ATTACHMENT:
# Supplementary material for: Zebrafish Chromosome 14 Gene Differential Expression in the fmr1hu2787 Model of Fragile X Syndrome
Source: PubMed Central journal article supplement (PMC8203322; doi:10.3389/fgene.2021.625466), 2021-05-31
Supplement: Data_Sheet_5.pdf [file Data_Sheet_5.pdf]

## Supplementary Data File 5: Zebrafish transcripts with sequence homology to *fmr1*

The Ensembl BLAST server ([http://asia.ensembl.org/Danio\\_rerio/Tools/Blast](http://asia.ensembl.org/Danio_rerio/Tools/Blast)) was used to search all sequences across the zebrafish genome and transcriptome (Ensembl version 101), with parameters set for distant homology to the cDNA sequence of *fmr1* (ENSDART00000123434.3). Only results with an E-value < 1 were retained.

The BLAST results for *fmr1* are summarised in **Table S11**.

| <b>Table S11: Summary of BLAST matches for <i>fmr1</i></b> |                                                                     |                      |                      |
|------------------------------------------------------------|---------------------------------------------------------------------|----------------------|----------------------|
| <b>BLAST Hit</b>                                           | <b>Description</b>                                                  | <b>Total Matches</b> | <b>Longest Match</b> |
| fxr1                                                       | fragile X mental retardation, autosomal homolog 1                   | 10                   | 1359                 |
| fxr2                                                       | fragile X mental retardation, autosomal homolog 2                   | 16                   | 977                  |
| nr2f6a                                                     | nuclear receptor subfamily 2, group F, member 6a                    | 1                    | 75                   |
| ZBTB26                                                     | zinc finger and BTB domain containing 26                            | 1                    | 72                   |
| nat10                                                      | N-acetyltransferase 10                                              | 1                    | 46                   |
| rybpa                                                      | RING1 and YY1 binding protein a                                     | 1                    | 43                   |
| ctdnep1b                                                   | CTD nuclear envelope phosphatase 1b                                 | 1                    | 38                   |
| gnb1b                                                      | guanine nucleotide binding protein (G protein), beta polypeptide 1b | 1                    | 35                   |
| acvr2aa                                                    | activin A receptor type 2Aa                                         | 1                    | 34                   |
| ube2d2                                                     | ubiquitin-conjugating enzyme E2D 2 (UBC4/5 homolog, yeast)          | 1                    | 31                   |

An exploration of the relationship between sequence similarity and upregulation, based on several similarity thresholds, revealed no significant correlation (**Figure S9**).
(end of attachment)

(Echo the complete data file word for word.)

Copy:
# Supplementary material for: Zebrafish Chromosome 14 Gene Differential Expression in the fmr1hu2787 Model of Fragile X Syndrome
Source: PubMed Central journal article supplement (PMC8203322; doi:10.3389/fgene.2021.625466), 2021-05-31
Supplement: Data_Sheet_5.pdf [file Data_Sheet_5.pdf]

## Supplementary Data File 5: Zebrafish transcripts with sequence homology to *fmr1*

The Ensembl BLAST server ([http://asia.ensembl.org/Danio\\_rerio/Tools/Blast](http://asia.ensembl.org/Danio_rerio/Tools/Blast)) was used to search all sequences across the zebrafish genome and transcriptome (Ensembl version 101), with parameters set for distant homology to the cDNA sequence of *fmr1* (ENSDART00000123434.3). Only results with an E-value < 1 were retained.

The BLAST results for *fmr1* are summarised in **Table S11**.

| <b>Table S11: Summary of BLAST matches for <i>fmr1</i></b> |                                                                     |                      |                      |
|------------------------------------------------------------|---------------------------------------------------------------------|----------------------|----------------------|
| <b>BLAST Hit</b>                                           | <b>Description</b>                                                  | <b>Total Matches</b> | <b>Longest Match</b> |
| fxr1                                                       | fragile X mental retardation, autosomal homolog 1                   | 10                   | 1359                 |
| fxr2                                                       | fragile X mental retardation, autosomal homolog 2                   | 16                   | 977                  |
| nr2f6a                                                     | nuclear receptor subfamily 2, group F, member 6a                    | 1                    | 75                   |
| ZBTB26                                                     | zinc finger and BTB domain containing 26                            | 1                    | 72                   |
| nat10                                                      | N-acetyltransferase 10                                              | 1                    | 46                   |
| rybpa                                                      | RING1 and YY1 binding protein a                                     | 1                    | 43                   |
| ctdnep1b                                                   | CTD nuclear envelope phosphatase 1b                                 | 1                    | 38                   |
| gnb1b                                                      | guanine nucleotide binding protein (G protein), beta polypeptide 1b | 1                    | 35                   |
| acvr2aa                                                    | activin A receptor type 2Aa                                         | 1                    | 34                   |
| ube2d2                                                     | ubiquitin-conjugating enzyme E2D 2 (UBC4/5 homolog, yeast)          | 1                    | 31                   |

An exploration of the relationship between sequence similarity and upregulation, based on several similarity thresholds, revealed no significant correlation (**Figure S9**).